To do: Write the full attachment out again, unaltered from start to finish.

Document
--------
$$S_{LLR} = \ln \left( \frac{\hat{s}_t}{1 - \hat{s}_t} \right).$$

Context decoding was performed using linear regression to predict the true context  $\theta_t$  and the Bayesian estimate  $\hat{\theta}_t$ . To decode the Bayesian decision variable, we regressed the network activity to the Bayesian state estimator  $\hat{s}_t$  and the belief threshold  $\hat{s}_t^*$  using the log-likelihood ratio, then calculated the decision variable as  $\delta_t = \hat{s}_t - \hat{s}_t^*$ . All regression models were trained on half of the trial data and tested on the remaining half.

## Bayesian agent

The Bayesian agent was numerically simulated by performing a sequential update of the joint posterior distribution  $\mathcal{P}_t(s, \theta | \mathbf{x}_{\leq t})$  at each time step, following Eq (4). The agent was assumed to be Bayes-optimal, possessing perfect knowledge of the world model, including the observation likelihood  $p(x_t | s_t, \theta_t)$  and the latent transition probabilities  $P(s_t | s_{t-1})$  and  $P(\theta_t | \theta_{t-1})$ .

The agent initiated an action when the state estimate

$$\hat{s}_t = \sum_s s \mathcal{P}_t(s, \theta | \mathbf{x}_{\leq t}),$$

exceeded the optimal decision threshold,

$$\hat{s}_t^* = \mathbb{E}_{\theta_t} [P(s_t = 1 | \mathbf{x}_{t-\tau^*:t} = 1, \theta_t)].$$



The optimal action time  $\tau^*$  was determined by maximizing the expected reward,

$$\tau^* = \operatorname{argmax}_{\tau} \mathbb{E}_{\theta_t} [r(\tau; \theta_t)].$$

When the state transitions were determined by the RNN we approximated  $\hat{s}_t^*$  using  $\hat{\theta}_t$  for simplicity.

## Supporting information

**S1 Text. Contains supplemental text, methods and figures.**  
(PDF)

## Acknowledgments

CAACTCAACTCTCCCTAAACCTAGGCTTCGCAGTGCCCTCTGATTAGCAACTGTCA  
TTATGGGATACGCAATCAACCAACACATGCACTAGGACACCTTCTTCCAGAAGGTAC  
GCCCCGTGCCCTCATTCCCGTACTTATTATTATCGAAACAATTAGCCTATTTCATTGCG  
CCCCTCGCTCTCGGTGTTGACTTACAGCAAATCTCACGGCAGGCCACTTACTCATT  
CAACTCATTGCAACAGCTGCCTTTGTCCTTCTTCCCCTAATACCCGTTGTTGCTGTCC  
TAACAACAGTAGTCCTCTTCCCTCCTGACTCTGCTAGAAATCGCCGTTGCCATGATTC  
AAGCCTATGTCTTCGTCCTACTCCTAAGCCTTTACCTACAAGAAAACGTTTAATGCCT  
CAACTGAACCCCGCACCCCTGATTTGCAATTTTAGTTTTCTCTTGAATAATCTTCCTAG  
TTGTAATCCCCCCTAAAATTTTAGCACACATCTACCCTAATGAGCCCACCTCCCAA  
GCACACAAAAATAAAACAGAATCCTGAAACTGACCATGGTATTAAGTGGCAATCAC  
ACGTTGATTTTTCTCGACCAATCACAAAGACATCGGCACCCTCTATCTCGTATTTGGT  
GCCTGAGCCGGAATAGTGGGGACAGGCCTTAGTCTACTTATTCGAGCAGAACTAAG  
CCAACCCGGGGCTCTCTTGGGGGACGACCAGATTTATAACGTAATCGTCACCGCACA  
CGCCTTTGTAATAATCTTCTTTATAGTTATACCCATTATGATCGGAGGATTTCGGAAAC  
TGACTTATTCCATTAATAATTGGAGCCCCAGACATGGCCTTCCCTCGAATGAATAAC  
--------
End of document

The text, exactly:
$$S_{LLR} = \ln \left( \frac{\hat{s}_t}{1 - \hat{s}_t} \right).$$

Context decoding was performed using linear regression to predict the true context  $\theta_t$  and the Bayesian estimate  $\hat{\theta}_t$ . To decode the Bayesian decision variable, we regressed the network activity to the Bayesian state estimator  $\hat{s}_t$  and the belief threshold  $\hat{s}_t^*$  using the log-likelihood ratio, then calculated the decision variable as  $\delta_t = \hat{s}_t - \hat{s}_t^*$ . All regression models were trained on half of the trial data and tested on the remaining half.

## Bayesian agent

The Bayesian agent was numerically simulated by performing a sequential update of the joint posterior distribution  $\mathcal{P}_t(s, \theta | \mathbf{x}_{\leq t})$  at each time step, following Eq (4). The agent was assumed to be Bayes-optimal, possessing perfect knowledge of the world model, including the observation likelihood  $p(x_t | s_t, \theta_t)$  and the latent transition probabilities  $P(s_t | s_{t-1})$  and  $P(\theta_t | \theta_{t-1})$ .

The agent initiated an action when the state estimate

$$\hat{s}_t = \sum_s s \mathcal{P}_t(s, \theta | \mathbf{x}_{\leq t}),$$

exceeded the optimal decision threshold,

$$\hat{s}_t^* = \mathbb{E}_{\theta_t} [P(s_t = 1 | \mathbf{x}_{t-\tau^*:t} = 1, \theta_t)].$$



The optimal action time  $\tau^*$  was determined by maximizing the expected reward,

$$\tau^* = \operatorname{argmax}_{\tau} \mathbb{E}_{\theta_t} [r(\tau; \theta_t)].$$

When the state transitions were determined by the RNN we approximated  $\hat{s}_t^*$  using  $\hat{\theta}_t$  for simplicity.

## Supporting information

**S1 Text. Contains supplemental text, methods and figures.**  
(PDF)

## Acknowledgments

CAACTCAACTCTCCCTAAACCTAGGCTTCGCAGTGCCCTCTGATTAGCAACTGTCA  
TTATGGGATACGCAATCAACCAACACATGCACTAGGACACCTTCTTCCAGAAGGTAC  
GCCCCGTGCCCTCATTCCCGTACTTATTATTATCGAAACAATTAGCCTATTTCATTGCG  
CCCCTCGCTCTCGGTGTTGACTTACAGCAAATCTCACGGCAGGCCACTTACTCATT  
CAACTCATTGCAACAGCTGCCTTTGTCCTTCTTCCCCTAATACCCGTTGTTGCTGTCC  
TAACAACAGTAGTCCTCTTCCCTCCTGACTCTGCTAGAAATCGCCGTTGCCATGATTC  
AAGCCTATGTCTTCGTCCTACTCCTAAGCCTTTACCTACAAGAAAACGTTTAATGCCT  
CAACTGAACCCCGCACCCCTGATTTGCAATTTTAGTTTTCTCTTGAATAATCTTCCTAG  
TTGTAATCCCCCCTAAAATTTTAGCACACATCTACCCTAATGAGCCCACCTCCCAA  
GCACACAAAAATAAAACAGAATCCTGAAACTGACCATGGTATTAAGTGGCAATCAC  
ACGTTGATTTTTCTCGACCAATCACAAAGACATCGGCACCCTCTATCTCGTATTTGGT  
GCCTGAGCCGGAATAGTGGGGACAGGCCTTAGTCTACTTATTCGAGCAGAACTAAG  
CCAACCCGGGGCTCTCTTGGGGGACGACCAGATTTATAACGTAATCGTCACCGCACA  
CGCCTTTGTAATAATCTTCTTTATAGTTATACCCATTATGATCGGAGGATTTCGGAAAC  
TGACTTATTCCATTAATAATTGGAGCCCCAGACATGGCCTTCCCTCGAATGAATAAC  